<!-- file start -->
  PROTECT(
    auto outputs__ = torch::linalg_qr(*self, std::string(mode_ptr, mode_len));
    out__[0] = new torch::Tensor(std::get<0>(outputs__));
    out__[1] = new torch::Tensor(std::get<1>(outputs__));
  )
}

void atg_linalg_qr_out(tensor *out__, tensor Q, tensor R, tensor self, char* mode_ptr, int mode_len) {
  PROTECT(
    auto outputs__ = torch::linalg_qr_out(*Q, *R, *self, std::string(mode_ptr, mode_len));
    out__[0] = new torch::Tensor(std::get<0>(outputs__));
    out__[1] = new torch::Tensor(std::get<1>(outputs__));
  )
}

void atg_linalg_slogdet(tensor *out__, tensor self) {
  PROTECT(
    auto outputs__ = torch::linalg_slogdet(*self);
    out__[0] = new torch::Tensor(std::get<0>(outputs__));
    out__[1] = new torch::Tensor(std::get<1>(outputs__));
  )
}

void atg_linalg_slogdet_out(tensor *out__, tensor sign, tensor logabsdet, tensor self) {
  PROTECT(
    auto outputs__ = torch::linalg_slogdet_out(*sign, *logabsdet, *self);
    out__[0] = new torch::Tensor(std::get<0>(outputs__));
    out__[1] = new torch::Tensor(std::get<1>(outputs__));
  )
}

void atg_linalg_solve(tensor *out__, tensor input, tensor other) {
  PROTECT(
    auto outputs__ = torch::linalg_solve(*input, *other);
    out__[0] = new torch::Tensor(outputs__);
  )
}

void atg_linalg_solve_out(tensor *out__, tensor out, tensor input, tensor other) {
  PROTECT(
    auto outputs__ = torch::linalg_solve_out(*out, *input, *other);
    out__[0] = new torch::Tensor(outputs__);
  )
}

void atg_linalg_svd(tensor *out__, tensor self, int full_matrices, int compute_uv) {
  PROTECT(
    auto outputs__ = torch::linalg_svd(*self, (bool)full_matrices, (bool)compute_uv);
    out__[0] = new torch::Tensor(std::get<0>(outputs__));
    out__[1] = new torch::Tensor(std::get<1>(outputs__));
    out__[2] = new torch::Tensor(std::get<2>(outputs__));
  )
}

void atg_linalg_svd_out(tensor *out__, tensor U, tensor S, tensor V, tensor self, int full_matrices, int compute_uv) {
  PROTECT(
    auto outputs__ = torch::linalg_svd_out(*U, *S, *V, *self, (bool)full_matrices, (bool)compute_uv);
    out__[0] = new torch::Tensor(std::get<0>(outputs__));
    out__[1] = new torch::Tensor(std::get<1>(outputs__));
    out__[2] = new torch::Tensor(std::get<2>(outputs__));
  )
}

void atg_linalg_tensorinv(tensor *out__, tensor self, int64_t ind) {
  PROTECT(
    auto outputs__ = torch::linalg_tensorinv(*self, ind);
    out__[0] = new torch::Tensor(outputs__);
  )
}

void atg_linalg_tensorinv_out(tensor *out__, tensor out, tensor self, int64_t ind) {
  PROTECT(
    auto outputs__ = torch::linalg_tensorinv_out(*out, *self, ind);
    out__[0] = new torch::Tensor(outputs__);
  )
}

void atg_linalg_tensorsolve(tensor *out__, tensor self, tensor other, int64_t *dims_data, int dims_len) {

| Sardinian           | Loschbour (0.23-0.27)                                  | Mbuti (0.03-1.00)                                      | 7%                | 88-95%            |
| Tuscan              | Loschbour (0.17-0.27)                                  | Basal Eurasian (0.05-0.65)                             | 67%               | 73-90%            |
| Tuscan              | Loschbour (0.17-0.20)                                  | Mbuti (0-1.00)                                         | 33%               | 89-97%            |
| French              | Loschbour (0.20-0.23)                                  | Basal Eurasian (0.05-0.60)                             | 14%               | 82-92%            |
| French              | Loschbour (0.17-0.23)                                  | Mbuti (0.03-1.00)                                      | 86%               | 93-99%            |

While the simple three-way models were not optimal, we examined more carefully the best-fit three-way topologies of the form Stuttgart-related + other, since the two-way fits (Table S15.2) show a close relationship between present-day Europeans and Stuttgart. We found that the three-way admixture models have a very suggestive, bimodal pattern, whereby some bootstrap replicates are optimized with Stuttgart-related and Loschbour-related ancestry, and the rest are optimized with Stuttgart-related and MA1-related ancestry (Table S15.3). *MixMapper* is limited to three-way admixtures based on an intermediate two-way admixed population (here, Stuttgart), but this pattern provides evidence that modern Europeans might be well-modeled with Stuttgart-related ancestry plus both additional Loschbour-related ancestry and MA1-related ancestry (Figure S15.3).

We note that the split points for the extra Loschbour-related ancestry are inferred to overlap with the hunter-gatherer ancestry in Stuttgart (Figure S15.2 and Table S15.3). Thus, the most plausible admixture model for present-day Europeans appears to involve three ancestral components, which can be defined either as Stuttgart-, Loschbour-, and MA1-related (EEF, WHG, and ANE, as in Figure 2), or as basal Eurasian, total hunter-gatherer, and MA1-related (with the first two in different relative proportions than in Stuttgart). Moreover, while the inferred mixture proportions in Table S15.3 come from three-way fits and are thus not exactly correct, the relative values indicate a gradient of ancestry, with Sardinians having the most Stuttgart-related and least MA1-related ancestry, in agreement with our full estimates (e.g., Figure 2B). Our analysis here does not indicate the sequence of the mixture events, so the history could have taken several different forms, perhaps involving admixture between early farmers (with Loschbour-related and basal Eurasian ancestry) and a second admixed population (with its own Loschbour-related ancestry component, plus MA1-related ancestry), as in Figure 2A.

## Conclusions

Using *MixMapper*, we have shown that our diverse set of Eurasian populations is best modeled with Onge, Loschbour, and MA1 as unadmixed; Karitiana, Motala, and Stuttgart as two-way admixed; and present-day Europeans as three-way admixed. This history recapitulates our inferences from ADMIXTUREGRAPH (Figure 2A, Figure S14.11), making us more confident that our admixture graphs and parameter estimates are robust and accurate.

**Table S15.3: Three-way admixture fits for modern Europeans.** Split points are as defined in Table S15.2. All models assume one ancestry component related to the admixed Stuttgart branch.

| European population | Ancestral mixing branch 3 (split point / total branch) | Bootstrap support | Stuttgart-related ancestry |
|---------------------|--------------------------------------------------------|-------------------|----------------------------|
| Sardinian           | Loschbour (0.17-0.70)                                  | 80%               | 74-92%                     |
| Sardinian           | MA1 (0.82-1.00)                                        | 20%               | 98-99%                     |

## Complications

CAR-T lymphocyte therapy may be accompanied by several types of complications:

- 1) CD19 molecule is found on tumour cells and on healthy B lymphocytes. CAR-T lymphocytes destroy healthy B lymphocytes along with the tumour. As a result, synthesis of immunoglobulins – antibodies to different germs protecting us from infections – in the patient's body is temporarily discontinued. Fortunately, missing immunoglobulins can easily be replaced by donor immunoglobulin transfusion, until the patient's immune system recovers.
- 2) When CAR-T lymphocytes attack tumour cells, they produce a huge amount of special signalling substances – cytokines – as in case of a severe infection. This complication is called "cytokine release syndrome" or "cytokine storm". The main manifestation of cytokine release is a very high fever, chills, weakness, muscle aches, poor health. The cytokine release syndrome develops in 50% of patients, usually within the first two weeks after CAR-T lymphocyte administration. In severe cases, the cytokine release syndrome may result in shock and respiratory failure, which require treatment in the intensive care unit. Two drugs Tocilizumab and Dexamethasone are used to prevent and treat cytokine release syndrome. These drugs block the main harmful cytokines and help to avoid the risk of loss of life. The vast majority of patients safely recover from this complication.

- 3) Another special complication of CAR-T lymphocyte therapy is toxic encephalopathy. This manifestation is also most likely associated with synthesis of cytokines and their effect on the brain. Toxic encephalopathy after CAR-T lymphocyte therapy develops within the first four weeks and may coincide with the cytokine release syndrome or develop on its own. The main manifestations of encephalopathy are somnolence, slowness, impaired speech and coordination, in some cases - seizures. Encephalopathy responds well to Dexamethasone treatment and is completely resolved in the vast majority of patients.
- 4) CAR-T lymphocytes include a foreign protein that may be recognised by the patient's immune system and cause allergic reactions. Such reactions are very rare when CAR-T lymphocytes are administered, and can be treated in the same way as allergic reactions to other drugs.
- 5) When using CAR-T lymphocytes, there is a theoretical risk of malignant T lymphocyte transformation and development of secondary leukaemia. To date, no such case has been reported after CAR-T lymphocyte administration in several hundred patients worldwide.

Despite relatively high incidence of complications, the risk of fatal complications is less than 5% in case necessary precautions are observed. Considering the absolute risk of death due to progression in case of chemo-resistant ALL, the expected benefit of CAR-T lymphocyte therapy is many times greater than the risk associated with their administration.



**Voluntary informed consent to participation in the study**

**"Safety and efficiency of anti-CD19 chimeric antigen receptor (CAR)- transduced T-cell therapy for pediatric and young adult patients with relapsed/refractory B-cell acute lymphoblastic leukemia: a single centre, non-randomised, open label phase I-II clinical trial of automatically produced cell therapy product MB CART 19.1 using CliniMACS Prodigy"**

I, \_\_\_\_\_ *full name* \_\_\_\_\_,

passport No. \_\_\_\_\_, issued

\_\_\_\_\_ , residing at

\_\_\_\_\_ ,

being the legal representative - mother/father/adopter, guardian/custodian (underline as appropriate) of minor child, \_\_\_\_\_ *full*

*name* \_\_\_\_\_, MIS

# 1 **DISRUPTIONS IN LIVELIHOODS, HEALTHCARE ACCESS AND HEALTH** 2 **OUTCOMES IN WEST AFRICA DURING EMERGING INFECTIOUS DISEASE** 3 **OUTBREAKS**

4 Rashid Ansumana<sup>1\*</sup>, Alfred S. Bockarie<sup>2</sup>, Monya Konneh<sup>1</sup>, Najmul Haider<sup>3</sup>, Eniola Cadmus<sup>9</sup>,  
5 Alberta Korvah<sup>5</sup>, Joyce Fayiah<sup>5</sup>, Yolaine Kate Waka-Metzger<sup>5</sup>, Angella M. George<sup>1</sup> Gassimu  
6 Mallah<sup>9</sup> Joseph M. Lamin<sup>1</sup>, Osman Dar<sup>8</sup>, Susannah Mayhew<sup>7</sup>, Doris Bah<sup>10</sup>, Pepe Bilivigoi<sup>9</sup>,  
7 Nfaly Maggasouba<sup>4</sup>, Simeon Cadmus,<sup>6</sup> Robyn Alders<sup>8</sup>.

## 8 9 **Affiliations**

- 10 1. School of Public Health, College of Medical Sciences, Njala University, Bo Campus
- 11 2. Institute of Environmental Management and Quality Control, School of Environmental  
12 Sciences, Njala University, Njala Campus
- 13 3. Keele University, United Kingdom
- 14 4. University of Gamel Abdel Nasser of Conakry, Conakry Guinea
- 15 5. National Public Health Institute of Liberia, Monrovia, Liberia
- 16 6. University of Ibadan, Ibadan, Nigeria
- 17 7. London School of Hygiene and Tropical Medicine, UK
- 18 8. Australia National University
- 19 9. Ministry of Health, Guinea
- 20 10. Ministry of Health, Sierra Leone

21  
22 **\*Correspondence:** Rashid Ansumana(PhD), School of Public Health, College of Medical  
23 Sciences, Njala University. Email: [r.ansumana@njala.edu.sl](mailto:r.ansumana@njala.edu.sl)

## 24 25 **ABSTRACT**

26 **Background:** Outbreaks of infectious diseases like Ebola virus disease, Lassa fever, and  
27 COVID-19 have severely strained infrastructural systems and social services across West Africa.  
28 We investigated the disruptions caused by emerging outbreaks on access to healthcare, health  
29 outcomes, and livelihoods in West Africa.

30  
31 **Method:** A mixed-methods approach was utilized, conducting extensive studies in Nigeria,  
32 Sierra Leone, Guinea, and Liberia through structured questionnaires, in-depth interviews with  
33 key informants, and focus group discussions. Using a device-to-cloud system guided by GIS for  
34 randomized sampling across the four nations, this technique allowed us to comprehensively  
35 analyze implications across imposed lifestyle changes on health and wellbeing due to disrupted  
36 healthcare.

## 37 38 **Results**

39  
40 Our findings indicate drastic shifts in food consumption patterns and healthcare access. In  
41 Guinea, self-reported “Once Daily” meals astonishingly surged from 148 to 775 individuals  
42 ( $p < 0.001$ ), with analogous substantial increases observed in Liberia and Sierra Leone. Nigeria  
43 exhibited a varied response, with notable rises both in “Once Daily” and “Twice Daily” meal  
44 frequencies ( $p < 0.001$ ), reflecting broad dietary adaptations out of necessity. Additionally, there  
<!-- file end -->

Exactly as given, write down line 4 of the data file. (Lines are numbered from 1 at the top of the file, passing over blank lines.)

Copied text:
    out__[1] = new torch::Tensor(std::get<1>(outputs__));